Soy/Shio Blend Tare 79

Miso Tare 80

Ramen_Lord’s Miso Tare 80

Kara Miso (Spicy Miso) 81

Sweet Miso Tare (For Akayu Style Bowls) 82

Other Tares 83

Tantanmen Tare 83

“Hot” Tare 83

Chapter 4: Toppings 83

Steeped Egg (Ajitama/Ajidama/Tsuketamago/Ajitamago/Hanjukutamago etc.) 84

Steeping Method Zero: Do Nothing, Eat The Eggs As Prepared Now 88

Steeping Method One: Quick and Easy Brine 88

Steeping Method 2: Equilibrium Brine 89

Chashu 90

Cook in Soup 91

Standard Braise 91

Dry Roasting 92

Sous Vide 93

“Rare” Chashu 94

Combination Method: Braise then Roast 96

Sous Vide Chicken Breast 97

Green Onions 98

Menma 98

Roasted Tomato 99

Wood Ear Mushroom 99

Boiled Spinach 99

Pork Soboro 100

Spice Blend 100

Akayu Spicy Miso Ball 101

Chapter 5: Aroma Oil 102

Chicken Fat 106

Stovetop Method 106

Microwave Method 106

Lard 107

All-Purpose Negi (Scallion) Oil 107

Chicken and Scallion Oil 107

Negi Niboshi Oil 107

Ginger and Onion Lard 108

Celery Seed Oil 108

Chili Oil 109

Mayu 110

Chapter 6: Putting It All Together 112

Mise en Place 112

Preparation Process 113

A Note on Jiro 114

Standard Bowl Assembly 115

Step 0: Identify Your Serving Bowl 115

Step 0.5: Get Your Mise en Place Ready 116

Step 1: Preheat Your Bowl 116

Step 2: Cook Your Noodles 117

Step 3: Add Tare, Aroma Oil, and Soup 117

Step 4: Strain The Noodles 117

Step 5: Separate and Line Up The Noodles: Noodle Fold 118

Step 6: Add Toppings 119

Step 7: EAT 119

Assembly Alternatives 120

Sapporo Miso Wok Method 120

69'N'Roll One And Multiple-Tare Approach 120

Tsukemen 121

Aburasoba/Mazesoba/Mazemen 122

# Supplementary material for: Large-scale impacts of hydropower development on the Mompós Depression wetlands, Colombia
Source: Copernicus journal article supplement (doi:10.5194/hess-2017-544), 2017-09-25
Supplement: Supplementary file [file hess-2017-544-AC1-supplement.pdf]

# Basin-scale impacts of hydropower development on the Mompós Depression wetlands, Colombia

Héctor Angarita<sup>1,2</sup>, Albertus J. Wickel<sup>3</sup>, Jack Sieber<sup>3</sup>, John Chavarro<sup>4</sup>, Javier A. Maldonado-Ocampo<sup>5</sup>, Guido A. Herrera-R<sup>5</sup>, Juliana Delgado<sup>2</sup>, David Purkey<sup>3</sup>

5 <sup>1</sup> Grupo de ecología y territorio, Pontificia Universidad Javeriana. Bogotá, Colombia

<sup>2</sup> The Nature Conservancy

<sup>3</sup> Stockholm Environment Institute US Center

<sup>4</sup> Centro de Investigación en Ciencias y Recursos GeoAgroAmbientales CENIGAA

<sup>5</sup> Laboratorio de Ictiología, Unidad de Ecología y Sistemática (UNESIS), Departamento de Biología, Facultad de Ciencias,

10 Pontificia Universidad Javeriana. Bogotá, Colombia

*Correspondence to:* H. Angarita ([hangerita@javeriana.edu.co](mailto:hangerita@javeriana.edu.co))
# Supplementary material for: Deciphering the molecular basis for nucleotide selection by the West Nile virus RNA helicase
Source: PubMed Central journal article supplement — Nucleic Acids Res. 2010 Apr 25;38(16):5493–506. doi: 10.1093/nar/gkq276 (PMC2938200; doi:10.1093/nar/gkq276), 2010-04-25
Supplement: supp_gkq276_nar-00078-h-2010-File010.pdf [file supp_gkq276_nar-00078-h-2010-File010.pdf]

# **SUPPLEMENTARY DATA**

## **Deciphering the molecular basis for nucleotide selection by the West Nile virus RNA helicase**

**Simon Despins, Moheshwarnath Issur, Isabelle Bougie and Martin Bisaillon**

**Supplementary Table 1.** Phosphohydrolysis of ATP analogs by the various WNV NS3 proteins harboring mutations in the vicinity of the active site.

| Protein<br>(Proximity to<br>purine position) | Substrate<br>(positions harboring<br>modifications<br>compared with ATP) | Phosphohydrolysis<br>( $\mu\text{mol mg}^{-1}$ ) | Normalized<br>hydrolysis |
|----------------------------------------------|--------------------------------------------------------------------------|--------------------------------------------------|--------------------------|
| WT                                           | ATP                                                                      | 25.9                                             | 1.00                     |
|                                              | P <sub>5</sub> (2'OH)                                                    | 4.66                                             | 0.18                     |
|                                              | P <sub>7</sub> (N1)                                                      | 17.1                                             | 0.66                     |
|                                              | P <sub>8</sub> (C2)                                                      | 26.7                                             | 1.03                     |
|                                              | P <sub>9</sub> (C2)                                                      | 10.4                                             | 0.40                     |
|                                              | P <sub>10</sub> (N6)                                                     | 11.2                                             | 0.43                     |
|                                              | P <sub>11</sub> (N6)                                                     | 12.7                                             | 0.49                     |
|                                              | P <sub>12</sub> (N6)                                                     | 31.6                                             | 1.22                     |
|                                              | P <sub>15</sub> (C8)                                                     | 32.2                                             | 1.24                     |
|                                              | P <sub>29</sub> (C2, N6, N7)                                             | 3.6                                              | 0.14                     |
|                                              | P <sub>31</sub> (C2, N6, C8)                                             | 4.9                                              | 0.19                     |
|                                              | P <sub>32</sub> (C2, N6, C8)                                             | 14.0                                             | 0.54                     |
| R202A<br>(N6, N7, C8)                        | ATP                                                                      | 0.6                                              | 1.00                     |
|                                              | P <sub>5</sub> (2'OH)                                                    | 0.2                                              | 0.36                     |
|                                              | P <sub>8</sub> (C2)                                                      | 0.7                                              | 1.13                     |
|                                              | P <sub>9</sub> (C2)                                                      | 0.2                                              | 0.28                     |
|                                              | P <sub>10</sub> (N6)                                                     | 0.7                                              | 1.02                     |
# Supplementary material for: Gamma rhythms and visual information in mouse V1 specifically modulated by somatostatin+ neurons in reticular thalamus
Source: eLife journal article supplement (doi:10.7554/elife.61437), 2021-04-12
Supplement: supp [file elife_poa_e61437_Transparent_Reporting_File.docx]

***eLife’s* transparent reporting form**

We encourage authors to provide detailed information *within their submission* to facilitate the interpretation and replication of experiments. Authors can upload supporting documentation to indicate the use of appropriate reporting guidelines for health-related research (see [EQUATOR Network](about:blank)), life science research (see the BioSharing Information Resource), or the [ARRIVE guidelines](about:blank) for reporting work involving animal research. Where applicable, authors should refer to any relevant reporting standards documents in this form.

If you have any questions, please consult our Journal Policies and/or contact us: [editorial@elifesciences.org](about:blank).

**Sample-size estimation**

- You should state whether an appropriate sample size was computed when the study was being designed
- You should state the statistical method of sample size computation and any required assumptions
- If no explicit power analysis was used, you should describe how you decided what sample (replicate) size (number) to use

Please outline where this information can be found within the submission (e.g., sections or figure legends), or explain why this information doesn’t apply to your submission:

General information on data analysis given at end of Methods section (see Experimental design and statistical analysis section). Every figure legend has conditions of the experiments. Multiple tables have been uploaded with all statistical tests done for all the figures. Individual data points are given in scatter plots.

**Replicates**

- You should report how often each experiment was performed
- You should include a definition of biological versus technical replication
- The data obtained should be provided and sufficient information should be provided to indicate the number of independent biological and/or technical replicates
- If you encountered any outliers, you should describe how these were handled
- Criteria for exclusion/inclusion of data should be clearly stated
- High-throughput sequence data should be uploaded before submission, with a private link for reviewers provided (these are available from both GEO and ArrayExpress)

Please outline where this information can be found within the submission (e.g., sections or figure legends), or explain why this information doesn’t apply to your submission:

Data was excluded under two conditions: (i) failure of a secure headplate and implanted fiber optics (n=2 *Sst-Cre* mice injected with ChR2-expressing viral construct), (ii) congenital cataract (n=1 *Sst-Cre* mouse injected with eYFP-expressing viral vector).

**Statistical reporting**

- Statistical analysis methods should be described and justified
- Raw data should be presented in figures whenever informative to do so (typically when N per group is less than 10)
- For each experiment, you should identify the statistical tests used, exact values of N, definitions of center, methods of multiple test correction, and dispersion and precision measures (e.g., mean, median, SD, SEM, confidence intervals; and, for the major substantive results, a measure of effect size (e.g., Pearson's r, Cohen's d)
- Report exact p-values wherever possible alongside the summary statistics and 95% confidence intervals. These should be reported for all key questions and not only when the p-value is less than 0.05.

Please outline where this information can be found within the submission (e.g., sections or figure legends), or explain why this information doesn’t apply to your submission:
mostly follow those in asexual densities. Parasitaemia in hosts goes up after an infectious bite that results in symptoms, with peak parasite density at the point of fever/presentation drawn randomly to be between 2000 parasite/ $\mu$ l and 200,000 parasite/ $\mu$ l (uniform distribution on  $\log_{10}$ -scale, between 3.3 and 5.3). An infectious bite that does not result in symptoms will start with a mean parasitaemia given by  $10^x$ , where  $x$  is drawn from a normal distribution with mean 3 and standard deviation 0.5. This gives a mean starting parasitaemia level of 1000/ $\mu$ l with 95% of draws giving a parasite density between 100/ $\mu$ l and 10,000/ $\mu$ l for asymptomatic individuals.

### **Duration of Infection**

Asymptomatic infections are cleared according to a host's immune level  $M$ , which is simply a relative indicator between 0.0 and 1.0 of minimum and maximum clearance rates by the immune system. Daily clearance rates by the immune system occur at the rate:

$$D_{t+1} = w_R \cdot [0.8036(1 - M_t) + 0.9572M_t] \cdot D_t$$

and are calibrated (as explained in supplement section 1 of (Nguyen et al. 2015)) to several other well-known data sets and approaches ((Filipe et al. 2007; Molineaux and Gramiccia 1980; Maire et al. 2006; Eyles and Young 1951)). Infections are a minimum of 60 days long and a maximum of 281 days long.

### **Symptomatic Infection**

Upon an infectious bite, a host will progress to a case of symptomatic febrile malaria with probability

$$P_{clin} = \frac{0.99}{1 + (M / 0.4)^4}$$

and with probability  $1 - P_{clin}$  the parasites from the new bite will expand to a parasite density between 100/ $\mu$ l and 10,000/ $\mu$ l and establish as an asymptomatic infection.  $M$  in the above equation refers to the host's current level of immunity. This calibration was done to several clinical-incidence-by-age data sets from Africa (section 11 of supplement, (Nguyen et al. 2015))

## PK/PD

Example Component Combinations 122

Shoyu Ramen 122

New Wave Shoyu Ramen 122

Miso Ramen 122

Shio Ramen 123

Akayu Ramen 123

Tonkotsu 123

Tantanmen 123

Chicken Paitan 123

Tonkotsu Gyokai Tsukemen 123

Jiro Ramen 123

Appendix: Ingredient Discussion (In Progress) 124

References 124




Thank you for reading this book! This has been a long time coming. Over the last several years I have tinkered with the idea of making a book, to help everyone - from hardcore ramen-lovers to those simply intrigued by interesting food - find an all-inclusive resource of recipes and ideas on how to make ramen. I felt like it would make sense to make this as widely accessible as possible. An e-book format made the most sense, free for anyone to view at any time.

Many of you probably have never had ramen beyond the dry noodle packages found regularly at your local grocery store. This book is not about that kind of ramen, which is more akin to instant noodles. While tasty in its own right, instant noodles aren’t quite the same thing as the dish discussed in this book. Ramen, a dish originating from Japan, is a complex soup that is challenging to make and, even to this day, still has quite a bit of mystery. I’m hoping I can at least break apart the ambiguity a little, primarily through discussing concepts rather than solely relying on recipes.